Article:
Review of Apollo’s Fire concert October 17, 2010AF_portrait_1_72
Dr. Jeffrey Carter, Chair
Department of Music
Webster University

Cathedral Concerts opened the new season on Sunday with a visit from Apollo’s Fire,  a Baroque band out of Cleveland.

I’ve not been so moved and awed by a concert in some time, a statement that is especially telling when one realizes that I’m speaking of music that was published 400 years ago, and is still fresh and delight-filled.

Claudio Monteverdi’s 1610 Vespers, probably written for Mantua in 1608, is a compendium of compositional techniques, a showcase of early-Baroque wiles, and a tour-de-force in the right hands.  Jeannette Sorrell most definitely has the right hands.

The Vespers features the requisite five psalms and Magnificat, plus four motets with texts from that most suggestive of Biblical books, the Song of Solomon.  While the psalms were individually amazing and collectively breathtaking, it was the solo and duet work in the motets that still lingers in the mind and ear.

A drum-led procession set the tone for the festive Vespers, as soloists and one lone drummer somehow both solemnly and joyously crossed from west to east (or, at the Cathedral Basilica, from south to north, but I won’t quibble).

The concert took flight immediately with the dazzling D major opening versicle.  Zachary Wilder danced and swayed as he intoned Nigra sum, and melted hearts in the process.  This is an early-music tenor of international standards!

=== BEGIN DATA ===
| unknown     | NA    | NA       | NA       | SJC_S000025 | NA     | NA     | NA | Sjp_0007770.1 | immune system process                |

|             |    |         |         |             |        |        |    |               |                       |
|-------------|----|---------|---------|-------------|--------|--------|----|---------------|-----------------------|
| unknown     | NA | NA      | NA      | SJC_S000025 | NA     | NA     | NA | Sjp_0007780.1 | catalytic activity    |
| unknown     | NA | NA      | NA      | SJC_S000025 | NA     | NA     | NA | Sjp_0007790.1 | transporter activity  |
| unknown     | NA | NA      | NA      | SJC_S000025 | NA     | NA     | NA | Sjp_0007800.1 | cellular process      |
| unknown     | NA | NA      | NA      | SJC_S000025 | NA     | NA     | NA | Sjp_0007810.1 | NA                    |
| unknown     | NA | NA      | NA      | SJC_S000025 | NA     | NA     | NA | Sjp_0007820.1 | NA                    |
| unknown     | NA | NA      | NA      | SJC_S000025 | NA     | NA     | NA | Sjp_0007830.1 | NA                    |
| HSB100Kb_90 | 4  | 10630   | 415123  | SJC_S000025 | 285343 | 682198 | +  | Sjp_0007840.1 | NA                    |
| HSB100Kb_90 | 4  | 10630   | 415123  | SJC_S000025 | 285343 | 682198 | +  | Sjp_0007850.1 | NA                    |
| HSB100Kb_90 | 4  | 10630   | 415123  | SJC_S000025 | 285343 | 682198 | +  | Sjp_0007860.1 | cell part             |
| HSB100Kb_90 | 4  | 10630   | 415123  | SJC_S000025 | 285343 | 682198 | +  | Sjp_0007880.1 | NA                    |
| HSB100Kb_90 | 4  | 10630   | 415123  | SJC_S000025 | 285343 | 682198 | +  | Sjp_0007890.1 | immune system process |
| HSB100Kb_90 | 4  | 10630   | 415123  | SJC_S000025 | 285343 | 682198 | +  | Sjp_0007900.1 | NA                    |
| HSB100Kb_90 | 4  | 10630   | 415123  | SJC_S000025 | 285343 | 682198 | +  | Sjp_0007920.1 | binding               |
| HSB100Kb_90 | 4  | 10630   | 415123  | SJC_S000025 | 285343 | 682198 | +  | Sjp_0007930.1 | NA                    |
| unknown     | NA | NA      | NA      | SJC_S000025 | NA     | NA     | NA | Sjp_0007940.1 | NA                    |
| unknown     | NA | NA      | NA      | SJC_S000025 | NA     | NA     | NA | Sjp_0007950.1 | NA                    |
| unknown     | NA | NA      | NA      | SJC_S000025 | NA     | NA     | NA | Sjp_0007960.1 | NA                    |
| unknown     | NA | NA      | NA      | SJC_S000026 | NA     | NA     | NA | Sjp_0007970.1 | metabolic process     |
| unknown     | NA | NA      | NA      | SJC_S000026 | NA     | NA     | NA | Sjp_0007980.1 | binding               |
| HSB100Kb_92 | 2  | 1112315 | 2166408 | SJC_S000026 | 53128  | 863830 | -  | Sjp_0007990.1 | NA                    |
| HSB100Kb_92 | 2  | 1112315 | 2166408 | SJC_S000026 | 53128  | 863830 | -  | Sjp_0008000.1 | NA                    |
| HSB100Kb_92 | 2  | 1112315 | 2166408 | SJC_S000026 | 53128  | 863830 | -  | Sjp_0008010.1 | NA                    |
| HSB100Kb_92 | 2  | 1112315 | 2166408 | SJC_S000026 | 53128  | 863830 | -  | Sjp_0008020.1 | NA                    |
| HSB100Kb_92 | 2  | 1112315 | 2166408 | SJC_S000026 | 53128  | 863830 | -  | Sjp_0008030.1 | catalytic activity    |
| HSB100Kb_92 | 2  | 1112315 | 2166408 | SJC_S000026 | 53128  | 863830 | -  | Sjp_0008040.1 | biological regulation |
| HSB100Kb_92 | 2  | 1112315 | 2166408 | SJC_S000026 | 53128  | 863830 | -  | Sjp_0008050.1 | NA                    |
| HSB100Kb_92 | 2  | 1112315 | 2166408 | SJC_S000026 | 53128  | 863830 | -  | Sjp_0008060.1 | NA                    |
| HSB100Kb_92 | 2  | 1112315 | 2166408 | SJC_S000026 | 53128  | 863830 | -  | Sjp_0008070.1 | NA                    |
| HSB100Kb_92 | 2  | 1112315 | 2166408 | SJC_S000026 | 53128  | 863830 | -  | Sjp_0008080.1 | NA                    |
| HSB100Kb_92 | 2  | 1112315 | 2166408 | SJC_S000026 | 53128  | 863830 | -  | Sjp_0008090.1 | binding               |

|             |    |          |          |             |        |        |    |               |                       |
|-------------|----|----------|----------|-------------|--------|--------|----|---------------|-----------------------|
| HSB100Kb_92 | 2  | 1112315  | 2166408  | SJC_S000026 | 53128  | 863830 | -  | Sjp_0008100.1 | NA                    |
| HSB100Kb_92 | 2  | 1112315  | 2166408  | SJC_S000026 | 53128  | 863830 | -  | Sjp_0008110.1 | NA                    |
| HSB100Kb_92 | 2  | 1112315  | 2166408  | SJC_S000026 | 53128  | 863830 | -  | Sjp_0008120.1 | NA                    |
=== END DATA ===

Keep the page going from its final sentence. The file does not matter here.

Two more sweetly perfect soloists, Terri Richter and Nell Snaidas  (one in black with red, the other in red with black), nearly made me swoon with the Pulchra Es.

The high point of the evening, though, was the Duo Seraphim, with Wilder and Richard Edgar-Wilson trading lines in such perfection that I swear I heard a dozen seraphim instead (thanks to my seat on the left of the dome, and the swirl of sound in that magnificent building).  I kid you not – this was one of the most eerie and divine musical moments of my life.  And some of the most exquisite singing too.

Edgar-Wilson sounded tired and a bit frayed by the end of the evening.  Fortunately, the sackbuts and cornetti did not.  In fact, this was incredibly high-level playing from the early-music wind players.

As I followed along in the score, one of my students peering at the Oxford edition too, I marveled at the rhythmic vitality of this music.  Duple gave way to triple over and over, and always to splendid effect.  Sorrell led the performance with both elegance and clarity.  Spritely tempi actually enhanced the over-generous acoustic of the Cathedral.

I first heard this work 15 years ago.  This performance was the penultimate of a two-week tour for Apollo’s Fire, and the first of what I trust will be a fine season at the Cathedral Basilica.